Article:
Last week I was with an friend and ex-colleague, attending his leaving drinks, discussing what we both learnt while working for a large BSS/OSS company, compared to the start-up we had originally joined. One of my ‘learnings’ (urgh) was the significance of how data is presented differently to professional managers rather than start-up propeller-heads.
Propeller-heads crave detail, and have sufficient domain knowledge to interpret the data quickly.
When presenting well researched and validated data to busy execs you should not stick it in a table or spreadsheet. Execs have no time to interpret it. And even if they did, proposals are accepted more on the exec’s emotion and gut instinct than a careful review of your work. So, you have to display the data, show its trends, the message, in a nice picture, graph or map.
Long ago, I realized this was true for presenting technical concepts outside of my organization, to customers and partners. Even though they are in the same industry as me, their reference points are subtly different, and I am also constrained by the duration of your meeting. That’s why I’m pretty handy with Visio and PowerPoint…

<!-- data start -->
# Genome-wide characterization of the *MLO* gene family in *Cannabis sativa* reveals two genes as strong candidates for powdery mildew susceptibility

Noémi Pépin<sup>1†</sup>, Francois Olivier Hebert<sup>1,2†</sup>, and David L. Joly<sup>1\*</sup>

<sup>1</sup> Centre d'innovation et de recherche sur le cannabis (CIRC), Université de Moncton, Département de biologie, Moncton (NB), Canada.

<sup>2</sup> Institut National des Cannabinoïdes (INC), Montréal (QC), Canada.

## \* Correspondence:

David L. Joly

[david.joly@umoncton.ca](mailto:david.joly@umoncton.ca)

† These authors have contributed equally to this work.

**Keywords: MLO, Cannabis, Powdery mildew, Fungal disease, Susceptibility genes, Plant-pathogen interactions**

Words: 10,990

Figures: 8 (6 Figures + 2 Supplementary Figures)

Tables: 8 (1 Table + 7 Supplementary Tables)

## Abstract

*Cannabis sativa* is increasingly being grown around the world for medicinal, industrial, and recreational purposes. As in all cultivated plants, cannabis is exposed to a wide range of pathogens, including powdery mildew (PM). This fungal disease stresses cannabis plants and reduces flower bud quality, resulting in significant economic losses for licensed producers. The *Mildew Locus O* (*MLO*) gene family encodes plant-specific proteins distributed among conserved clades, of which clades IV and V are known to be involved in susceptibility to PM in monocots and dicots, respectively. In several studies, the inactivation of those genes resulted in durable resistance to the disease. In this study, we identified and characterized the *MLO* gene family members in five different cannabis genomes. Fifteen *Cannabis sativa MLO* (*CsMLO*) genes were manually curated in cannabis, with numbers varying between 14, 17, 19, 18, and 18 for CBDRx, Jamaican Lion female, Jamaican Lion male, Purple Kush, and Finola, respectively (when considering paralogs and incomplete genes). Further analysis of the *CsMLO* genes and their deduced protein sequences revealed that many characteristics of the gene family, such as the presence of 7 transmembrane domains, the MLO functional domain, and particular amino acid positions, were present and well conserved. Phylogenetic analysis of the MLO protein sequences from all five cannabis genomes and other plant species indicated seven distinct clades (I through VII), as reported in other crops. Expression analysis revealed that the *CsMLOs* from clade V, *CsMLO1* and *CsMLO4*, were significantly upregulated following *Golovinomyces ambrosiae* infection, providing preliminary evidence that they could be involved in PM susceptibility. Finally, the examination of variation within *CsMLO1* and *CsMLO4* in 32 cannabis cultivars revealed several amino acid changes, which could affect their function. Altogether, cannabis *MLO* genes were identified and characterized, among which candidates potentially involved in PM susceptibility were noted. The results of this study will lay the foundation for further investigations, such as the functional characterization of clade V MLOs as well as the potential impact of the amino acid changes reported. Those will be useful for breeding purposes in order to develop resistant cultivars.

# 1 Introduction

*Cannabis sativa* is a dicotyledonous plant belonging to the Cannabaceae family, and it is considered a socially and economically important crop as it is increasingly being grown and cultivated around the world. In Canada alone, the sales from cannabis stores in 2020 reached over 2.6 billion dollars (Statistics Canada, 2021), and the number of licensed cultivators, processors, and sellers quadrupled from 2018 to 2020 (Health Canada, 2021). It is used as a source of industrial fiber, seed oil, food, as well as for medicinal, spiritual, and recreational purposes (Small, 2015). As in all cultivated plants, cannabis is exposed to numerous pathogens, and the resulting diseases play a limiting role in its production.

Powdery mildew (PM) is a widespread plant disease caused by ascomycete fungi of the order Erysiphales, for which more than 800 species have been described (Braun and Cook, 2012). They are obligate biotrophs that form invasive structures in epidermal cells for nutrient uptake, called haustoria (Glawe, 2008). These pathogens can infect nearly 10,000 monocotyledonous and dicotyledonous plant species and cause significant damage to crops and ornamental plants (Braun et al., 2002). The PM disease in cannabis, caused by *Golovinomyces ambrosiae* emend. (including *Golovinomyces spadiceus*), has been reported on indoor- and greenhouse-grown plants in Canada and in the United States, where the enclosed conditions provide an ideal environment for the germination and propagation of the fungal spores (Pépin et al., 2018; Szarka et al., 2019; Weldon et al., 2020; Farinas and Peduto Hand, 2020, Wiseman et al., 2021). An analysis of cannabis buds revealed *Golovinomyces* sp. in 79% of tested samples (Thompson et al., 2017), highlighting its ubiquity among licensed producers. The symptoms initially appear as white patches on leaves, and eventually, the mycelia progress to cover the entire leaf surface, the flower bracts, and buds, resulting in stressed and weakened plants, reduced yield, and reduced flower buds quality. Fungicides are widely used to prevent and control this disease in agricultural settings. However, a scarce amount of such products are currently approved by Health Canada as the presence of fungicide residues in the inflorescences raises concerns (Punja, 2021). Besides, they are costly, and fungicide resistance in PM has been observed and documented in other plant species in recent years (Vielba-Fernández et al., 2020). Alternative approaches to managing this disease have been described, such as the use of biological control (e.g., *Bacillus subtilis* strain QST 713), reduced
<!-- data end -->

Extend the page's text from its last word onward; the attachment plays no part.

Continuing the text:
But not as handy as this guy:
In this video Professor Hans Rosling takes some pretty mundane data (GDP, life expectancy, per country) and does a stunning job of illustrating it. I let out a ‘wow’ or ‘blimey’ a number of times.
How does he do it?
- He keeps it simple. We already understand GDP and life expectancy. We don’t have to learn any fundamentals before he makes his point.
- He visualizes change. Seeing the change is must more effective than being shown two figures or a static line on the graph.
- He has an outrageous European accent, which always sounds intelligent and compelling.